The New Zealand Medicines and Medical Devices Safety Authority (Medsafe) is seeking feedback on plans to restrict use of ocular decongestants to people aged 12 years and up considering the risk of harm.
 
Last year, New Zealand’s Medicines Adverse Reaction Committee noted that one brand, the naphazoline therapy Clear Eyes, lacked a lower age limit for use. Because naphazoline should only be used in people aged 12 years and up, the committee recommended using that as the lower age limit for Clear Eyes. The process led the committee to recommend a broader review of the label statements database.
 
Currently, some, but not all, naphazoline-based eye drops carry an age limit of 12 years. The labels of eye drops based on tetrahydrozoline state they should not be used by children under six years. Under the new proposal, Medsafe will use 12 years as the minimum age limit for all ocular decongestants.
 
The proposal applies to naphazoline, tetrahydrozoline and phenylephrine, although no eye drops based on the latter ingredient are approved in New Zealand for the treatment of eye redness. The proposal does not apply to the use of phenylephrine in diagnostic procedures.
 
Medsafe’s consultation asks whether the respondent supports the proposed changes and whether there are other advisory statements that should be added to the label. The consultation closes on 22 August.
 
Medsafe Consultation
 
FDA moves to align guidelines on importing radiation devices into the Philippines
 
The Philippine Food and Drug Administration (FDA) is amending its guidelines on customs release for radiation devices to align the text with an order on the ASEAN harmonized technical requirements.
 
FDA published its guidelines on the issuance of clearance for customs release of radiation devices in 2017. The following year, the Philippine Department of Health released an administrative order on the issuance of medical device authorizations based on the ASEAN harmonized technical requirements. The latest FDA release is intended to align the two earlier documents.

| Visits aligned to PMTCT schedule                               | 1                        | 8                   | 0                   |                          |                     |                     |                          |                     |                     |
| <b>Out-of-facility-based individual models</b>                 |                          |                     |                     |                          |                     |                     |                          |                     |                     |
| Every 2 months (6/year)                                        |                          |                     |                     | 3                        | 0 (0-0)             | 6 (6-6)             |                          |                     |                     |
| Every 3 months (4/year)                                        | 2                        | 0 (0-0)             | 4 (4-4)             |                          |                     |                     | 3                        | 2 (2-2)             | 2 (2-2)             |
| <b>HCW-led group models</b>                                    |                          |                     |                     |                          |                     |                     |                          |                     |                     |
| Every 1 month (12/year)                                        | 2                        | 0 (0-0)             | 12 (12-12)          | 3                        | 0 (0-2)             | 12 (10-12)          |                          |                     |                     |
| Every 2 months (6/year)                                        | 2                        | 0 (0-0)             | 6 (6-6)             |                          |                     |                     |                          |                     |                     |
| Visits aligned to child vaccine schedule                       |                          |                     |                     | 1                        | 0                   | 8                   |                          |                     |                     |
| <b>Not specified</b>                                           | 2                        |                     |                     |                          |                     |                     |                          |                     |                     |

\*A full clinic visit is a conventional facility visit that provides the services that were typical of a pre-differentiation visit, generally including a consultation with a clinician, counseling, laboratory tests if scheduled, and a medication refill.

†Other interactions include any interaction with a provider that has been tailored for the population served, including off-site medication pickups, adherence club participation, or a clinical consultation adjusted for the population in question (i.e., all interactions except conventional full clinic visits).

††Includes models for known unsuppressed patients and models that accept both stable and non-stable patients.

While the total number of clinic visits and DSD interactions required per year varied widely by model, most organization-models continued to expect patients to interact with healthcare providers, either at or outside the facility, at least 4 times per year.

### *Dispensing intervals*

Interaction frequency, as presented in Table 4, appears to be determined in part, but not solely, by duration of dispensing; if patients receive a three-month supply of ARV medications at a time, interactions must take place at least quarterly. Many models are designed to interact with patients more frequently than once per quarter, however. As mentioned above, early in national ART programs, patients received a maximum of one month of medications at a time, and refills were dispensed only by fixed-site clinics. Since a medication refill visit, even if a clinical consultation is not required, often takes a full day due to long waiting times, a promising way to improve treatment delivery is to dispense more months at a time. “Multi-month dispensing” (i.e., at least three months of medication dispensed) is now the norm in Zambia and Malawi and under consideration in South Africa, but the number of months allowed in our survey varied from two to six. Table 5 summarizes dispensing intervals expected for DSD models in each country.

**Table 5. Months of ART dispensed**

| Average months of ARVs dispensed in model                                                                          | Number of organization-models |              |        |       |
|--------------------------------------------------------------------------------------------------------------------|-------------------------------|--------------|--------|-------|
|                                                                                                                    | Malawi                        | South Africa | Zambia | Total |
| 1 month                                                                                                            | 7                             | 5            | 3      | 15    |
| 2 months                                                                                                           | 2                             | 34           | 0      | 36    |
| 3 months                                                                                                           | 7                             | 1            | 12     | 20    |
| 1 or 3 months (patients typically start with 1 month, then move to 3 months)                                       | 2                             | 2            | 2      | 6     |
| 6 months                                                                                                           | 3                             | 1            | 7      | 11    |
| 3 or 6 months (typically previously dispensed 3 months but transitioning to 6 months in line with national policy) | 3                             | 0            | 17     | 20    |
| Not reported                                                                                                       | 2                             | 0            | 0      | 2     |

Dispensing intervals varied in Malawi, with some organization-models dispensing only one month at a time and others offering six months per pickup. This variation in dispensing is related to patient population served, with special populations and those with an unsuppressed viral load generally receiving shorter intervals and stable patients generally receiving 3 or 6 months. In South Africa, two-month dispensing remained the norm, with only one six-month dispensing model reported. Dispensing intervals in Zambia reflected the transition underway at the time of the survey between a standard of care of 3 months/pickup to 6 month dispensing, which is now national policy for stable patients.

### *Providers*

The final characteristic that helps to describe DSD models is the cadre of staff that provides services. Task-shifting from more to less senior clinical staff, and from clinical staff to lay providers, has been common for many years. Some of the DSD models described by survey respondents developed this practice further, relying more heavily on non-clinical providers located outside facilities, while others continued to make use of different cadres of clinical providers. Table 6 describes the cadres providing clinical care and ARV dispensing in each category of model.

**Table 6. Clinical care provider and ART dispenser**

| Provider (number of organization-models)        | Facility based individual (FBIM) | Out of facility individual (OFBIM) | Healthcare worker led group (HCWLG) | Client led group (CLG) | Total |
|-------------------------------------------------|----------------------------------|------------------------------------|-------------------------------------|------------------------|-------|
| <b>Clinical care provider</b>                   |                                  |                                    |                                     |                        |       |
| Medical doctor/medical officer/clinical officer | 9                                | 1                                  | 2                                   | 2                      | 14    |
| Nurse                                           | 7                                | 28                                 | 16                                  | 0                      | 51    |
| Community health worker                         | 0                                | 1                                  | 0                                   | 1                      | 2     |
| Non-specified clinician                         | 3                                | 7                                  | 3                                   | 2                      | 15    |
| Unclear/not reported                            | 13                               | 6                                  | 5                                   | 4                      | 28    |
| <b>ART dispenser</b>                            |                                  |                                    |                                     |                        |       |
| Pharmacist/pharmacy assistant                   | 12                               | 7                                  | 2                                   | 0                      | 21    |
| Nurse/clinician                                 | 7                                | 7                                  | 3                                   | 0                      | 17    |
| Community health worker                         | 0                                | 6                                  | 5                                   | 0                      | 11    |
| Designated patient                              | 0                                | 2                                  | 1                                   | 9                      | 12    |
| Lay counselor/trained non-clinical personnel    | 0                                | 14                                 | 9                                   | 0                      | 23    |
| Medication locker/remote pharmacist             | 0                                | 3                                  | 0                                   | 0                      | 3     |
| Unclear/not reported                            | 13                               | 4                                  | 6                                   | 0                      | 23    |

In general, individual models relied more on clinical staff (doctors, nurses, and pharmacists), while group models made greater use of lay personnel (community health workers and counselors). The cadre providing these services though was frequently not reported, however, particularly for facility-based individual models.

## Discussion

In an update to its 2017 text, FDA has clarified that all medical radiation devices shall be classified in accordance with the agreed classification of the ASEAN Consultative Committee on Standards and Quality – Medical Device Product Working Group. The changes mean a certificate of medical device registration or notification (CMDR/CMDN) will be needed for radiation devices used in medical contexts.
 
The update is set to take effect 15 days after its publication in a newspaper but is subject to a transition period. Starting 1 April 2023, all marketing authorization holders need to apply for a CMDN. FDA will honor the existing clearance for customs release and license to operate while CMDN applications are ongoing.
 
FDA Guidelines
 
TGA extends shelf life of batches of Boehringer drug to mitigate 18-month shortage
 
TGA has extended the shelf life of certain batches of Boehringer Ingelheim’s Metalyse to mitigate the impact of a shortage that is forecast to last for 18 months.
 
Boehringer filed to extend the expiry date of four batches by one year to reduce waste and increase access to the medicine, which is used to dissolve blood clots immediately after a heart attack. TGA accepted the request on the grounds that it will have no effect on the safety or efficacy of the therapy.
 
With the shortage, which stems from increased global demand, expected to continue until around the end of next year, TGA is working with Boehringer and clinical experts to assess the likely impact of interruptions to the supply of Metalyse. TGA has also approved the supply of two equivalent products that are registered overseas to provide alternative supply sources.
 
TGA Notice
 
Other news:
 
China's National Medical Products Administration (NMPA) has approved a locally developed artificial heart. NMPA Notice